2018-19 Tripod and C6
I initially wanted to focus on Confer, encouraging student voice to help students gain confidence in their science communication skills. The results of the survey showed a higher interest for me to help clarify students understanding of difficult concepts. Because of this, I focused on Clarify with a hint of Confer encouraging students to build confidence in communicating their understanding, thinking and knowledge of the difficult science concepts addressed this year.
In my class, students work individually, then collaboratively when a new concept is introduced to determine what they know or want to know. I introduce a new concept with a KW-L format. I ask students to model, list words and/or write sentences related to the topic. Students collaborate on a white board to visually see the thinking of other groups. I like this activity, because they use different styles to communicate their thinking and knowledge.
I encourage kids to discuss what they think and what they know in small groups, to perhaps clarify understanding or correct any misconceptions. I spend a lot of time encouraging students to take risks to share their thinking, ideas and knowledge in groups and in class discussions. Over time, using the suggested words encourages students to take a risk. I work with them to understand that to FAIL (First Attempt In Learning) is acceptable. I find that students struggle with failure, especially in front of their peers.
When they create a list of words (now) I think of José Medina’s topic about students needing time to translate words we are using in English, into their own language. This resonated with me. I attended the C6 training this year. Since then, I have made more of an effort to provide time (and space) for students to translate terms they might not know in English. I’ve worked with Russell, Tony, Julie and Luke to plan and scaffold assessments to make them more accessible to all learners, and to create vocabulary lists in different languages. (Now) Students are provided access to the lists in advance of the unit, to preteach the vocabulary. I regularly suggest students take time to translate words, if needed, while taking notes or working on assignments.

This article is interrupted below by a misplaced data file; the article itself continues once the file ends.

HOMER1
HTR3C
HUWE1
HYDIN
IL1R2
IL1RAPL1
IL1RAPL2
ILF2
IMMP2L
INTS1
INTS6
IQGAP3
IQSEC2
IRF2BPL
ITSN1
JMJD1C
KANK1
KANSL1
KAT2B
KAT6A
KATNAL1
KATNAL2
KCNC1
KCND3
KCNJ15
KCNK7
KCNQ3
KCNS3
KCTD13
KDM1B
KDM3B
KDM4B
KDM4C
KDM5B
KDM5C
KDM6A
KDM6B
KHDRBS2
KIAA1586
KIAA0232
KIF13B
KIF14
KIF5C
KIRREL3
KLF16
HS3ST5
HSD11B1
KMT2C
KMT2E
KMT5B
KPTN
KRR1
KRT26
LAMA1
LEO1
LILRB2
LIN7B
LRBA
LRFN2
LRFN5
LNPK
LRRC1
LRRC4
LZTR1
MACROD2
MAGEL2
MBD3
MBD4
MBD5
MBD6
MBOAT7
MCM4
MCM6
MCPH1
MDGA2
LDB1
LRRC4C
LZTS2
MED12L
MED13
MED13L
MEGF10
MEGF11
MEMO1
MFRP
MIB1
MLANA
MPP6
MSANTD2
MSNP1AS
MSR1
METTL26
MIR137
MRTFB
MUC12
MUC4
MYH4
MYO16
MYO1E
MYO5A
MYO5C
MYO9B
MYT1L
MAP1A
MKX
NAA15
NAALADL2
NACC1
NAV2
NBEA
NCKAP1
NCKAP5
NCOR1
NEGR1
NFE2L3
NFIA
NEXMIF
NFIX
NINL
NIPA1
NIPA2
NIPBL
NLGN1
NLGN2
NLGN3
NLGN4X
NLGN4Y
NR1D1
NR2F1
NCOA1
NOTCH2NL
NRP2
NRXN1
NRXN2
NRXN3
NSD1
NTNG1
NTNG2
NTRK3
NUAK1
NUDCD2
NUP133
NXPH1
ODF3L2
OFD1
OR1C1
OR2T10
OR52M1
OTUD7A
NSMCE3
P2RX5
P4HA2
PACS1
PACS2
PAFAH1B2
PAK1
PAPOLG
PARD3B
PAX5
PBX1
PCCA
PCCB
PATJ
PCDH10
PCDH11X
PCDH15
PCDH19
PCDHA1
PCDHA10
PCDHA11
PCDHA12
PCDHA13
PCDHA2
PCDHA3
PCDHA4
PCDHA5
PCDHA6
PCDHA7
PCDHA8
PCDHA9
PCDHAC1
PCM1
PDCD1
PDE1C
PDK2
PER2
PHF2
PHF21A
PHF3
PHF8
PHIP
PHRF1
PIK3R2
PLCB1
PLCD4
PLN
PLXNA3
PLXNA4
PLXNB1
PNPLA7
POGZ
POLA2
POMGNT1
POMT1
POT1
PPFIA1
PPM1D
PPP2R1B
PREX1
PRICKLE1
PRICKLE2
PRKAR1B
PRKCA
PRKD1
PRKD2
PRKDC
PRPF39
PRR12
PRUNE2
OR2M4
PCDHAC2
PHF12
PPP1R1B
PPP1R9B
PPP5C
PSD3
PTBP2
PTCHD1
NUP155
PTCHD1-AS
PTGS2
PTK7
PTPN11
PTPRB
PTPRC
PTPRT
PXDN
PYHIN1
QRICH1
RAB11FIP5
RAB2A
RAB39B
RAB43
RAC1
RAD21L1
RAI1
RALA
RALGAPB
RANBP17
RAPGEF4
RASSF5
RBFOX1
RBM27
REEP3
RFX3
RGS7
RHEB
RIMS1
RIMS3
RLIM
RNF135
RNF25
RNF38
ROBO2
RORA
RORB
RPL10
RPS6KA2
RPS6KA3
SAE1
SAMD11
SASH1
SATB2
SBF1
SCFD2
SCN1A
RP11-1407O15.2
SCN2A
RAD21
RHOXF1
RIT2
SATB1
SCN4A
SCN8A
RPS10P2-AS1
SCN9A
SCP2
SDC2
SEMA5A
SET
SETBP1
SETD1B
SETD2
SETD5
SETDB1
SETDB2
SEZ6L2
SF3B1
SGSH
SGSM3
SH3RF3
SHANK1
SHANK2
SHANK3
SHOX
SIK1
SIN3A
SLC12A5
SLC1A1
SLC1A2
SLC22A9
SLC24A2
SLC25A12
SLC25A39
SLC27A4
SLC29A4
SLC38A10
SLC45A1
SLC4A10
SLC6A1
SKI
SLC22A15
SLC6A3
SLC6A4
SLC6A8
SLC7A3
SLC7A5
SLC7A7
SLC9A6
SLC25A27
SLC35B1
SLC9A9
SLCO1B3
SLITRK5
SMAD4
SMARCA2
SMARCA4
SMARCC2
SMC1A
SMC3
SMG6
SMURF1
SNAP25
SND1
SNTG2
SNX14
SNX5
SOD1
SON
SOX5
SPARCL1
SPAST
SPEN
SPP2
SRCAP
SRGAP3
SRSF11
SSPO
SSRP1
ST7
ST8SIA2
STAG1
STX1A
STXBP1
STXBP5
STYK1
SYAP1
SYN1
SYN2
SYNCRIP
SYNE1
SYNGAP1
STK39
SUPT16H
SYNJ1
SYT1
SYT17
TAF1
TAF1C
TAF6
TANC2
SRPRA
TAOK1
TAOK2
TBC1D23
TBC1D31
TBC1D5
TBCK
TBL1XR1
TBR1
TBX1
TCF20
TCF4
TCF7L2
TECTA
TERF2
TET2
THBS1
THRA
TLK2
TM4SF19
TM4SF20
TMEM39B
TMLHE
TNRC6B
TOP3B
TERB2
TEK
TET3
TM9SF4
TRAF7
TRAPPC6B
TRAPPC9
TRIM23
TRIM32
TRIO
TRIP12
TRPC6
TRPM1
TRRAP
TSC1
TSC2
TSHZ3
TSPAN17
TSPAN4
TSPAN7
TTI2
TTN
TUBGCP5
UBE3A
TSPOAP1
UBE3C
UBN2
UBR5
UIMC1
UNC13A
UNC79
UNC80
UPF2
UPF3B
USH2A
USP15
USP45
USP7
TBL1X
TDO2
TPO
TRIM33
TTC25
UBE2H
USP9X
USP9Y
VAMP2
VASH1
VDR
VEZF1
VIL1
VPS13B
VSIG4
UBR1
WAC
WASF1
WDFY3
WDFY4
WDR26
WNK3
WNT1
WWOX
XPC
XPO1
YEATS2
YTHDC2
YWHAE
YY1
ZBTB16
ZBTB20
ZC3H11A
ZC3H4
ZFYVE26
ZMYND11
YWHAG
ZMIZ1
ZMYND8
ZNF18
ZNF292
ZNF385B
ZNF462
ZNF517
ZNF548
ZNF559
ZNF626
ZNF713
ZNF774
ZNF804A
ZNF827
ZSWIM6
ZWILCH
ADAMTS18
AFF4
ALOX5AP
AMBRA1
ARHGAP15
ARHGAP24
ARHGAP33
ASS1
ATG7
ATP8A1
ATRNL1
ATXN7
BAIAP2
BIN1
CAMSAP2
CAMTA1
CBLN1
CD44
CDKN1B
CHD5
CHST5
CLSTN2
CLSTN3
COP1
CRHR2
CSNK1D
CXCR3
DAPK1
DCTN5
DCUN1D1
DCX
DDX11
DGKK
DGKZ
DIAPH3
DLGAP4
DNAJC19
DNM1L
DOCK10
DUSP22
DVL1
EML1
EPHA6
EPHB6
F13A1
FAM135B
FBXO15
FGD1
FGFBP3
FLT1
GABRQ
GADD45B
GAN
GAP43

Another goal was to clarify concepts by using multiple avenues to deliver the information, in order to reach all levels and types of learners.
Ultimately, I decided it would be in my best interest to work on Clarify, focusing on three of the bullets:
- Explain concepts using multimedia, including text, images, audio and visual.
- Entry tasks
- Ask students to explain their reasoning to reveal points of confusion.
- (Combining clarify with confer. Risk taking of sorts.)
For example, during the Weather and Climate unit:
Students conducted an investigation to demonstrate the heating and cooling of water, in order to help them understand land breeze and sea breeze, as well as convection currents. Students wrote after students collected the data they collaborated to write their claim, evidence and reasoning statements. Students continue to struggle writing sentences with data, regardless of the amount of practice. Once every group was finished we did a gallery walk to compare their CER writing. This activity allows students to see others work and compare it to their own.
This is an example of students talk. Sharing their thinking and knowledge allows them to demonstrate understanding of scientific vocabulary and concepts, in this case to explain convection currents. This also allows individuals to support each others thinking by asking clarifying questions or expanding on what was already shared.
Other examples include:
Note taking, model drawing, video, text & vocabulary review for concepts
The Tripod results dropped in areas I thought improved in and areas I didn’t try to change, improved. What I wonder is why. I have an idea. I really worked on delivering material in different formats during the Weather and Climate unit. Entry tasks, video, note taking, discussion in a science social format, etc. The current unit is not set up for this success, at least not guided by me. The students are guiding their own learning in groups, for example they assign the text, activity, video and quiz to themselves. Though the delivery is different, and some of the information overlaps students might not think of it as me delivering the information in different ways. What I like about the Tripod survey, is students identified where I needed improvement. I’d like to try Tripod again, having students take the assessment in September or early October, then use PLC time to focus on the goals created and generate lessons based on their needs. I felt like minimal time was allotted for staff to work on this pilot (as a whole group). If the Tripod evaluation process continues I ask that more time is provided in the forefront to get goals set up and a plan in place, with check in times along the way.
Regardless of our evaluation process next year, my goal is to return to more student driven lessons using the learning environment matrix below. (While continuing to support all learners in my classroom.)